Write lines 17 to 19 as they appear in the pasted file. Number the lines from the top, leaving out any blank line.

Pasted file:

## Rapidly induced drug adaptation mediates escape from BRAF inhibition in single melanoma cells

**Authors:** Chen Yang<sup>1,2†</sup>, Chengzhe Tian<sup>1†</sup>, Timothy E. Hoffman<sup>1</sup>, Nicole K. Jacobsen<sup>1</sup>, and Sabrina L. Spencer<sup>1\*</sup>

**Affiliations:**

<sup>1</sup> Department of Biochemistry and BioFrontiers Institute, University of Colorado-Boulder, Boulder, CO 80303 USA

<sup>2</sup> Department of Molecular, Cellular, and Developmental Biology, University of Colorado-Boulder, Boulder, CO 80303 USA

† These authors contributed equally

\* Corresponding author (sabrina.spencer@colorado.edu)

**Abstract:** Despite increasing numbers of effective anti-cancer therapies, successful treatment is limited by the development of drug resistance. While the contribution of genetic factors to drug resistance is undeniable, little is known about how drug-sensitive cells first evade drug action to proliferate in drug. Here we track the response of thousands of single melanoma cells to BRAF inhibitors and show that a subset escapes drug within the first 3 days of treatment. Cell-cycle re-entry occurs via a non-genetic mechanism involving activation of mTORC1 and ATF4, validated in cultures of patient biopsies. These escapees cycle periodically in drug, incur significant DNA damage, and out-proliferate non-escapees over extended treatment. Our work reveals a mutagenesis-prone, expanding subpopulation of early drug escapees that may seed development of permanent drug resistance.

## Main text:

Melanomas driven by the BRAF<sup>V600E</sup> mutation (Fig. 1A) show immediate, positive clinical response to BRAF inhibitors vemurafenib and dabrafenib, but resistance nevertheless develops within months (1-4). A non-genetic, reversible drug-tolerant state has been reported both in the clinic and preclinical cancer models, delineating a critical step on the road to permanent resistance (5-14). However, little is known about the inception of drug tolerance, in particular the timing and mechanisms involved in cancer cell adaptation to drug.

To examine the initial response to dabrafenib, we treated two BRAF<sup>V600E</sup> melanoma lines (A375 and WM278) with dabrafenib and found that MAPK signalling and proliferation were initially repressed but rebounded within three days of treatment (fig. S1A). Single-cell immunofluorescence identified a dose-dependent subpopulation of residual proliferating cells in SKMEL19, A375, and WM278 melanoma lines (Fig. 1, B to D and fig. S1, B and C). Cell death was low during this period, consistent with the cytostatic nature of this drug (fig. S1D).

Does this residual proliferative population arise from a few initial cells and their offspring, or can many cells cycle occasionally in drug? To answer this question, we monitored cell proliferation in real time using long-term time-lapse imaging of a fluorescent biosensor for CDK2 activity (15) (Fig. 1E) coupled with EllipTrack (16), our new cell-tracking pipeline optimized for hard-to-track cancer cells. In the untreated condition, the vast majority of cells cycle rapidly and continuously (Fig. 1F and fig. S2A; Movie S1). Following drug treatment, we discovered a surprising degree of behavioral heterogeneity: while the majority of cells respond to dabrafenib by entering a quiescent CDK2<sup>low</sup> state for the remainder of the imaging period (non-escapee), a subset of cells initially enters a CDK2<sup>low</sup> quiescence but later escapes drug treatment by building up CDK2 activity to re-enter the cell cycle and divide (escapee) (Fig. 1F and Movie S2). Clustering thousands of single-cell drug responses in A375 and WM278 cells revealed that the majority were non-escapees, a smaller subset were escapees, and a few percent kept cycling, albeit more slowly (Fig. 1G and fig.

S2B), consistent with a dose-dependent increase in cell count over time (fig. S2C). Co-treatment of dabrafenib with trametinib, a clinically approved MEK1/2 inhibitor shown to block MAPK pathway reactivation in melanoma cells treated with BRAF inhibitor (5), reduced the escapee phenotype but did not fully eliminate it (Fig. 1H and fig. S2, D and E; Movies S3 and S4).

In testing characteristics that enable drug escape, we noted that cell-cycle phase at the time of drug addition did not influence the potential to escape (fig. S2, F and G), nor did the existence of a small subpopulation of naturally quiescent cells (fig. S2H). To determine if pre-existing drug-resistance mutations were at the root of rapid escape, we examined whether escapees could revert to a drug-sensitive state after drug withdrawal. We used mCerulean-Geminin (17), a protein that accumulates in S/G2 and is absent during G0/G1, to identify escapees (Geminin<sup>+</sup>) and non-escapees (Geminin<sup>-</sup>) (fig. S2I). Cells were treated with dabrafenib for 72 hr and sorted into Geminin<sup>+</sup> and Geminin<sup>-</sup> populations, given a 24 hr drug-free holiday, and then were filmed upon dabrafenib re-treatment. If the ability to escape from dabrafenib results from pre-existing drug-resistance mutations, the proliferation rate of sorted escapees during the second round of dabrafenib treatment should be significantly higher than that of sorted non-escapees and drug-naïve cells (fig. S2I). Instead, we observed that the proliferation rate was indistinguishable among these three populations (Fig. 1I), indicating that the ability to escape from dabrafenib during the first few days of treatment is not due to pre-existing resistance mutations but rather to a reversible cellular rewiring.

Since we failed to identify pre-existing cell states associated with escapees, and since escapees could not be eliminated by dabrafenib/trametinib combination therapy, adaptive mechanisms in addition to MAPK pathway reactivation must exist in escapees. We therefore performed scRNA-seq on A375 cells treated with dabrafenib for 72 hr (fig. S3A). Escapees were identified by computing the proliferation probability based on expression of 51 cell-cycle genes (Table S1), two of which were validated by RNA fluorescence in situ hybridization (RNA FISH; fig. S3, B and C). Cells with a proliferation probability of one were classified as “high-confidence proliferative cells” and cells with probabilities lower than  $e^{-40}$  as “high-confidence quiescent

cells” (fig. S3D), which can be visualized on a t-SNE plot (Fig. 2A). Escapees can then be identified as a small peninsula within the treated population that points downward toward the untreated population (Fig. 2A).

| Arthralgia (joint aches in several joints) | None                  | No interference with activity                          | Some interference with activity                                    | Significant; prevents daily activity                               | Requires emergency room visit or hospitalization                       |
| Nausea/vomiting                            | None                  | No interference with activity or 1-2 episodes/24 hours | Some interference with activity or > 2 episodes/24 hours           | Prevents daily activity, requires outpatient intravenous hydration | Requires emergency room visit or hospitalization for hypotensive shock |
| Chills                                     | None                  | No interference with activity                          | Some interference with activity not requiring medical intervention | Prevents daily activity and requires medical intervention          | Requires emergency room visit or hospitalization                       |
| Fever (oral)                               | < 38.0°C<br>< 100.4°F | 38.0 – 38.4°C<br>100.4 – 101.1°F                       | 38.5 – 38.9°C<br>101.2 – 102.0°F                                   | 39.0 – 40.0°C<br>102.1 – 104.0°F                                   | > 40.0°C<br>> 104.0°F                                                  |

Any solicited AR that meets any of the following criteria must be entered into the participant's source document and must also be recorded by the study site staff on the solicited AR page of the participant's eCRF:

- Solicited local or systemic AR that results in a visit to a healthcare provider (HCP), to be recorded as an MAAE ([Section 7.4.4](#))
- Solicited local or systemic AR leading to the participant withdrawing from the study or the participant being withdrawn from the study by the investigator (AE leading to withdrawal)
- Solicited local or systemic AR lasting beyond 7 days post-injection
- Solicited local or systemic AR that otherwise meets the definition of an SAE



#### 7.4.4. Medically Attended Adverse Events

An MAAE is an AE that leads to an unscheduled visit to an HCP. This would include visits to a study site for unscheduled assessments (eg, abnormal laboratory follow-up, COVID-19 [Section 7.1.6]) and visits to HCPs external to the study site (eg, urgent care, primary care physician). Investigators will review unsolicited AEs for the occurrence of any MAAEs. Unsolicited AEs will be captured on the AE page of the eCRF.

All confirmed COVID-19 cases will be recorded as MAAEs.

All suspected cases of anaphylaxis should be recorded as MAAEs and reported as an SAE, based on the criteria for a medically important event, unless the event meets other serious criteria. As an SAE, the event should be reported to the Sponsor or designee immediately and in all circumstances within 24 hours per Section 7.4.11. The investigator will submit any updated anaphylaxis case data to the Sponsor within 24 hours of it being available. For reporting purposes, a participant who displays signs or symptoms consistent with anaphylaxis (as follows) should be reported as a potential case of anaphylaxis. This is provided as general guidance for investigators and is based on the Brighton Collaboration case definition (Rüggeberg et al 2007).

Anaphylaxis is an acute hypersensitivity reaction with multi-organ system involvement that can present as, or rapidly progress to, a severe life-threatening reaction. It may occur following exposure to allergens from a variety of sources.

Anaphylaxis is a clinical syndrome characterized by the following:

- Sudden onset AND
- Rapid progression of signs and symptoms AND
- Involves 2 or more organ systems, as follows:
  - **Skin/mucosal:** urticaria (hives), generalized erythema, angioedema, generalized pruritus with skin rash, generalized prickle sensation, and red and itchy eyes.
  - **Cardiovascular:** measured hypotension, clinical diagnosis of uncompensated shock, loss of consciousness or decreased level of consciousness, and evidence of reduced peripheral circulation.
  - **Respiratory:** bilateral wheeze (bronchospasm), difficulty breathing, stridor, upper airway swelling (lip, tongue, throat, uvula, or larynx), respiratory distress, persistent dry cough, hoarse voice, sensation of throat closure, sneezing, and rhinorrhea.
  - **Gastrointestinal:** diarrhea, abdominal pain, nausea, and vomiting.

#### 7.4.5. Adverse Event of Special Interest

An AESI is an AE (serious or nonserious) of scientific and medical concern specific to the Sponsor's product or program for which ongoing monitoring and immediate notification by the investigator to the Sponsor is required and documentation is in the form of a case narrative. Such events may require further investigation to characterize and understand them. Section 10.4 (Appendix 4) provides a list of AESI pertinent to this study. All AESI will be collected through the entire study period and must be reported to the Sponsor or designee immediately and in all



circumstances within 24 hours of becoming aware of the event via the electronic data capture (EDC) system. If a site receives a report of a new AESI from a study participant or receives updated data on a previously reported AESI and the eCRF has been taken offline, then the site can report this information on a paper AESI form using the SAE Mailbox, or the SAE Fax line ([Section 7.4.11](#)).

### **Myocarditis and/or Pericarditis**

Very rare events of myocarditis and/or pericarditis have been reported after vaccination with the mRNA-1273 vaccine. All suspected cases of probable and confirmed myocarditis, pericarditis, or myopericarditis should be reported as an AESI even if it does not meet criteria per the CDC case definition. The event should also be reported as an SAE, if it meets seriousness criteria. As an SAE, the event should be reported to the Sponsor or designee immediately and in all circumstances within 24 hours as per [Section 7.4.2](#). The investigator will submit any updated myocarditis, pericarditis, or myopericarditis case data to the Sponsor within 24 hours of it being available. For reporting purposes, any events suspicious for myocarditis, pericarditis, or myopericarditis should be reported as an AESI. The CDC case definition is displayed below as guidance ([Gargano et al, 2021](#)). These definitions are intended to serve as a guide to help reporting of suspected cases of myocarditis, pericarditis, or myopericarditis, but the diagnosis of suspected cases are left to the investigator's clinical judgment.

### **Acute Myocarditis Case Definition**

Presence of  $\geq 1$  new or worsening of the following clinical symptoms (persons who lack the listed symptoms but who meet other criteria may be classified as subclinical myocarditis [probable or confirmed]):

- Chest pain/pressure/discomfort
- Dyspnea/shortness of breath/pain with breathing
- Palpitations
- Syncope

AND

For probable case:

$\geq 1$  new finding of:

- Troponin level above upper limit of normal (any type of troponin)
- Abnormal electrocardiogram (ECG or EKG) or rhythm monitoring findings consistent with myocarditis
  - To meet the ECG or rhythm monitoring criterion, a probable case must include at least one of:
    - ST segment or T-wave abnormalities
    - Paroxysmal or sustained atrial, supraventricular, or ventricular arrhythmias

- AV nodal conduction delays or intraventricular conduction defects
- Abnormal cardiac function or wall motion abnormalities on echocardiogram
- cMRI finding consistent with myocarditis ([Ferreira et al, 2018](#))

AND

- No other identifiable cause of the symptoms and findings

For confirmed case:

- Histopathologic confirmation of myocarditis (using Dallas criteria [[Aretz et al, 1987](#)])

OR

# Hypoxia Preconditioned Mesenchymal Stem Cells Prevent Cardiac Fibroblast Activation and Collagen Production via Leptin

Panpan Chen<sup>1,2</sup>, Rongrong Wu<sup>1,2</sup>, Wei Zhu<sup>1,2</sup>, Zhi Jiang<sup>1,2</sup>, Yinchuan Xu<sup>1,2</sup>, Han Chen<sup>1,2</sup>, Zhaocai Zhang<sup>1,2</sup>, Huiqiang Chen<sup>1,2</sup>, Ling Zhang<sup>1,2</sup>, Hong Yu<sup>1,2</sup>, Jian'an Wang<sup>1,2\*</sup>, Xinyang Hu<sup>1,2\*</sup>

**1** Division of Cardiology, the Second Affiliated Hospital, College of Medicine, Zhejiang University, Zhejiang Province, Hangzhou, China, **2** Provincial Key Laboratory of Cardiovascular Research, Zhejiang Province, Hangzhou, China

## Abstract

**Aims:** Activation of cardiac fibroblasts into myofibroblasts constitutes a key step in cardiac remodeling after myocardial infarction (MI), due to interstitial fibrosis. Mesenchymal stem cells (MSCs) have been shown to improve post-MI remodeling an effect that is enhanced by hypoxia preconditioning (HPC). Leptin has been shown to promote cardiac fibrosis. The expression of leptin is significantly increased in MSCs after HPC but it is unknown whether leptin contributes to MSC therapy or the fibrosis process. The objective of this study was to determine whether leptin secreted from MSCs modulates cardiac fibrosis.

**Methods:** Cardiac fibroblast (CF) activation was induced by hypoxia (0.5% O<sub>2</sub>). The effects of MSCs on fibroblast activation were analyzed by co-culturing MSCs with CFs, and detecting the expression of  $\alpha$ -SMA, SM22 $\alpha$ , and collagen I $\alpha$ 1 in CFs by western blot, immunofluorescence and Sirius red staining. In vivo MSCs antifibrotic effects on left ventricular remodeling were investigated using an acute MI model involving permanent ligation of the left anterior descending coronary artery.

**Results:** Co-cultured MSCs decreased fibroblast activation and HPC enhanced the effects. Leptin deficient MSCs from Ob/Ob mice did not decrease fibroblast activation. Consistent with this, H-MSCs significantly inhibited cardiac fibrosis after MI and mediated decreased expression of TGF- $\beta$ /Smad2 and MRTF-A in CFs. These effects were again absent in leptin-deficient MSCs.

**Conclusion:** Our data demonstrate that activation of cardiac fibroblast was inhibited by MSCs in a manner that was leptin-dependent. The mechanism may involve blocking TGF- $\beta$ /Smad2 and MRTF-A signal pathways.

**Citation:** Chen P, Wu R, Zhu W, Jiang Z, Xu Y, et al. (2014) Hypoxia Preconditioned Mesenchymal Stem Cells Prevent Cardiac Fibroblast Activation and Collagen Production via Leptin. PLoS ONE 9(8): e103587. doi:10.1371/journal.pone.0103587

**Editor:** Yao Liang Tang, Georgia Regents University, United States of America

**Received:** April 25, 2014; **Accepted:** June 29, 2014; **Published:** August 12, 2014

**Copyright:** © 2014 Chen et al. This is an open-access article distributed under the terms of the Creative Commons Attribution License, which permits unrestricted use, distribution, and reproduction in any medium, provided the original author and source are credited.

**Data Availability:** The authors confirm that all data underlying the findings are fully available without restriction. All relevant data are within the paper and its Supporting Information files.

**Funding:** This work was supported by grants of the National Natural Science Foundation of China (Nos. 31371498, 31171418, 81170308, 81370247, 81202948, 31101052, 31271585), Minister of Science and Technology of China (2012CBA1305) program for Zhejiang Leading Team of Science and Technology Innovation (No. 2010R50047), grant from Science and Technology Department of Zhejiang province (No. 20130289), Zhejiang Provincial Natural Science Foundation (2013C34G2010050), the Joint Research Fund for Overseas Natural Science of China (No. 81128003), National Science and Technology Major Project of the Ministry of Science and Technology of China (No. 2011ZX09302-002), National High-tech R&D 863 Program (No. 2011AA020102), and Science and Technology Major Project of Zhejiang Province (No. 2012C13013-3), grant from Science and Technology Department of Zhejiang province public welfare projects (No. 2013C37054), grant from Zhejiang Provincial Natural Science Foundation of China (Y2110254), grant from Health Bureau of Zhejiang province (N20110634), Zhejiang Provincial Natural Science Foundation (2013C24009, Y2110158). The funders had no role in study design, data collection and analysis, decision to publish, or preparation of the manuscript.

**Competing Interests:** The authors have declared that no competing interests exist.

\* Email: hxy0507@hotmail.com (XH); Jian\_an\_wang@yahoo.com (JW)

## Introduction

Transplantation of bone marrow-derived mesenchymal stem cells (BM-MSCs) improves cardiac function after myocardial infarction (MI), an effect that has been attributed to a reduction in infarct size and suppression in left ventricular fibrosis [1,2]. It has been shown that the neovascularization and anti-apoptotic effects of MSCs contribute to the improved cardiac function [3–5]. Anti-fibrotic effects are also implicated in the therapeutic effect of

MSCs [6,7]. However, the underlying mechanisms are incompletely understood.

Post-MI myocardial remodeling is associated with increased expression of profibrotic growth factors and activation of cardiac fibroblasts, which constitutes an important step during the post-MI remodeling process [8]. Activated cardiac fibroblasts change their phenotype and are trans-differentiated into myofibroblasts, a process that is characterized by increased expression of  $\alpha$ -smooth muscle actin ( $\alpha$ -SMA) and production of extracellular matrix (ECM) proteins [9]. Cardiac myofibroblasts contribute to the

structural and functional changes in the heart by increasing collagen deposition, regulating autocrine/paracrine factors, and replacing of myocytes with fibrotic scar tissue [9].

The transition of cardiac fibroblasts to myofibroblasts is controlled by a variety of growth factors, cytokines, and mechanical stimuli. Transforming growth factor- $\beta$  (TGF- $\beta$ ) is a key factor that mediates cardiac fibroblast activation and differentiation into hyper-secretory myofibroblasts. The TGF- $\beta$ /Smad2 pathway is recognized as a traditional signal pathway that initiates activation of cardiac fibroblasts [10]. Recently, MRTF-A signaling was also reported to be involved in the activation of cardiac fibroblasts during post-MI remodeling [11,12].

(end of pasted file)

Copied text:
| Arthralgia (joint aches in several joints) | None                  | No interference with activity                          | Some interference with activity                                    | Significant; prevents daily activity                               | Requires emergency room visit or hospitalization                       |
| Nausea/vomiting                            | None                  | No interference with activity or 1-2 episodes/24 hours | Some interference with activity or > 2 episodes/24 hours           | Prevents daily activity, requires outpatient intravenous hydration | Requires emergency room visit or hospitalization for hypotensive shock |
| Chills                                     | None                  | No interference with activity                          | Some interference with activity not requiring medical intervention | Prevents daily activity and requires medical intervention          | Requires emergency room visit or hospitalization                       |